Today SanDisk officially announced its "Sansa TakeTV' USB PC to TV device, which is married to its "Fanfare" digital download store. As "convergence devices" go, this is about as straightforward as it gets. Fanfare is still pretty lean on content, but that will no doubt change quickly.
I saw an early version of this product at the NAB Futures Summit last April (CNET's Brian Cooley brought one along) and for simplicity it's hard to beat. You download the Fanfare software (a snap), plug the device into your USB, download files, and then plug the device into its cradle, which is connected to your TV. What I haven't seen is the UI for the TV, so I can't comment on that.
Considering I witnessed my 8 year-old nephew figure out how to plug his digital camera into his TV to do slide shows, I'd expect Sansa TakeTV to appeal to a pretty wide audience of non-techies. And at $100 for the 4GB model (saves about 5 hours of video), it's a solid "stocking stuffer" for the upcoming holiday season.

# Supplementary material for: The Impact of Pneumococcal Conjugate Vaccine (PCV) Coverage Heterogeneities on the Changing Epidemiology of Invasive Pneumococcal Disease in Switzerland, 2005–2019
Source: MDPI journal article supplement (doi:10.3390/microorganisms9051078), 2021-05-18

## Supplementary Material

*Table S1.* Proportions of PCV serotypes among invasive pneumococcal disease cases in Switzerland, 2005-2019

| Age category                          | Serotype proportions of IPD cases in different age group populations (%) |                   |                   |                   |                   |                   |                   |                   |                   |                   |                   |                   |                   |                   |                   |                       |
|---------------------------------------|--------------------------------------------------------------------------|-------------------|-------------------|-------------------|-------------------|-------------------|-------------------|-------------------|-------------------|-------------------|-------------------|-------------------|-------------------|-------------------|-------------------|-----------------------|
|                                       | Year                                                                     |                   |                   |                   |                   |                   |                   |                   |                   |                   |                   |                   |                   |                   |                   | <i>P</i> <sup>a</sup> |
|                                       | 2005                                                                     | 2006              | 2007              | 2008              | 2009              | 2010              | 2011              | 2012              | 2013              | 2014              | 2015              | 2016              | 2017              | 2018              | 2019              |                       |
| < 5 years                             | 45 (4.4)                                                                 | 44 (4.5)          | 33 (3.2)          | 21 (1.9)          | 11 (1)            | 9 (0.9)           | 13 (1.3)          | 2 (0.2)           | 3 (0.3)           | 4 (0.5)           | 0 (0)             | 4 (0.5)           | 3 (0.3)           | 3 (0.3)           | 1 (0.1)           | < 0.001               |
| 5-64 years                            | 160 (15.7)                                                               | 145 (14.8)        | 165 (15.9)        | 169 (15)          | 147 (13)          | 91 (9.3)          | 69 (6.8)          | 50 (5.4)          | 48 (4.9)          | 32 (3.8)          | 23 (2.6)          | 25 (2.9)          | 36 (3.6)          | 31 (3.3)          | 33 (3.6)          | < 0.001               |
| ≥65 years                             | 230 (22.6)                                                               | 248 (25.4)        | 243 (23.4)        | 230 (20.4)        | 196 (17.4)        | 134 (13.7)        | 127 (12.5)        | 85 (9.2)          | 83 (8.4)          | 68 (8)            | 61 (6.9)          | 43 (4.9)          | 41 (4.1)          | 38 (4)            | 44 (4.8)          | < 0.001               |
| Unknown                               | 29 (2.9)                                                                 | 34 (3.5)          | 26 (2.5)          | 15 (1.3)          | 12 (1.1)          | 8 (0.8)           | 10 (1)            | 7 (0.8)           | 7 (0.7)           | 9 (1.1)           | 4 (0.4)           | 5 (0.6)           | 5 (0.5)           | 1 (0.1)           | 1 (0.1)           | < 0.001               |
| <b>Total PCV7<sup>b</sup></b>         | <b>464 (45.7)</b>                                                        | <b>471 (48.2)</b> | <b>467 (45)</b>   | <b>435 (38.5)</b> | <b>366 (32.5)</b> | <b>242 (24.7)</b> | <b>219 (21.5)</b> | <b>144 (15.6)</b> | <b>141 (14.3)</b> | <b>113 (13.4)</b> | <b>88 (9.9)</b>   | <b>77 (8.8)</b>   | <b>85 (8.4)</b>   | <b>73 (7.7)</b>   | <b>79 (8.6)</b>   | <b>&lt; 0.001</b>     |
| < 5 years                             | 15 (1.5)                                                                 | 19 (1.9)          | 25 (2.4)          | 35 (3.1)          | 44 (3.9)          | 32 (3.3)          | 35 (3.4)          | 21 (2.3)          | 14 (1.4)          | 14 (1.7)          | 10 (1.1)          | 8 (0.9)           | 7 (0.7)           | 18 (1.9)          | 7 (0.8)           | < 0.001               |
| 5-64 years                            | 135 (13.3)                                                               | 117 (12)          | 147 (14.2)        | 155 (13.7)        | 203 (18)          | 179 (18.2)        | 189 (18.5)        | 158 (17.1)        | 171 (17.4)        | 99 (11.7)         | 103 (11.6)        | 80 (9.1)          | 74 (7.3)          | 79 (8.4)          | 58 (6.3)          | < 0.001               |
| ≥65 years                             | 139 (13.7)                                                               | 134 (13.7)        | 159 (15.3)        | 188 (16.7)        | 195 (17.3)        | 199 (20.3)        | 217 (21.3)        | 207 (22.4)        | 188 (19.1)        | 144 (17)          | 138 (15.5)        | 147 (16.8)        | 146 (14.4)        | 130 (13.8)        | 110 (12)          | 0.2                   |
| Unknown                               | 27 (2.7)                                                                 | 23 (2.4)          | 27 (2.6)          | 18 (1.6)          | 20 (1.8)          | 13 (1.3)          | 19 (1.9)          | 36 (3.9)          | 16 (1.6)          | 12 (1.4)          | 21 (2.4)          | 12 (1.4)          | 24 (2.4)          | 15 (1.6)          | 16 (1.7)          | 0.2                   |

Sansa TakeTV is another example of the limitless innovation underway to converge the PC/broadband video world with the TV world. To date most of the solutions here (except AppleTV and Xbox probably) have been pretty techie, requiring some degree of user intervention to marry the PC and the TV over the home wireless or wired network. It's safe to say that none of these devices has yet caught on.
Sansa TakeTV's issue is whether it can be anything more than a short term, low end solution. A lot of the answer is wrapped up whether USB Flash storage can scale up to inexpensively handle lots of video. For example, the low-end AppleTV holds 40 GB and costs $299, while the 16GB USB Flash drives I found online approach $200 alone, never mind the software and other component costs in the Sansa Take TV package. (see below).
However, if anyone's going to figure out how to make USB Flash storage competitive for video, it'll be SanDisk. In the meantime, there's nothing wrong with accepting Sansa Take TV for what it is - an easy-to-use, low end product for the masses to watch high-quality broadband video on their TVs.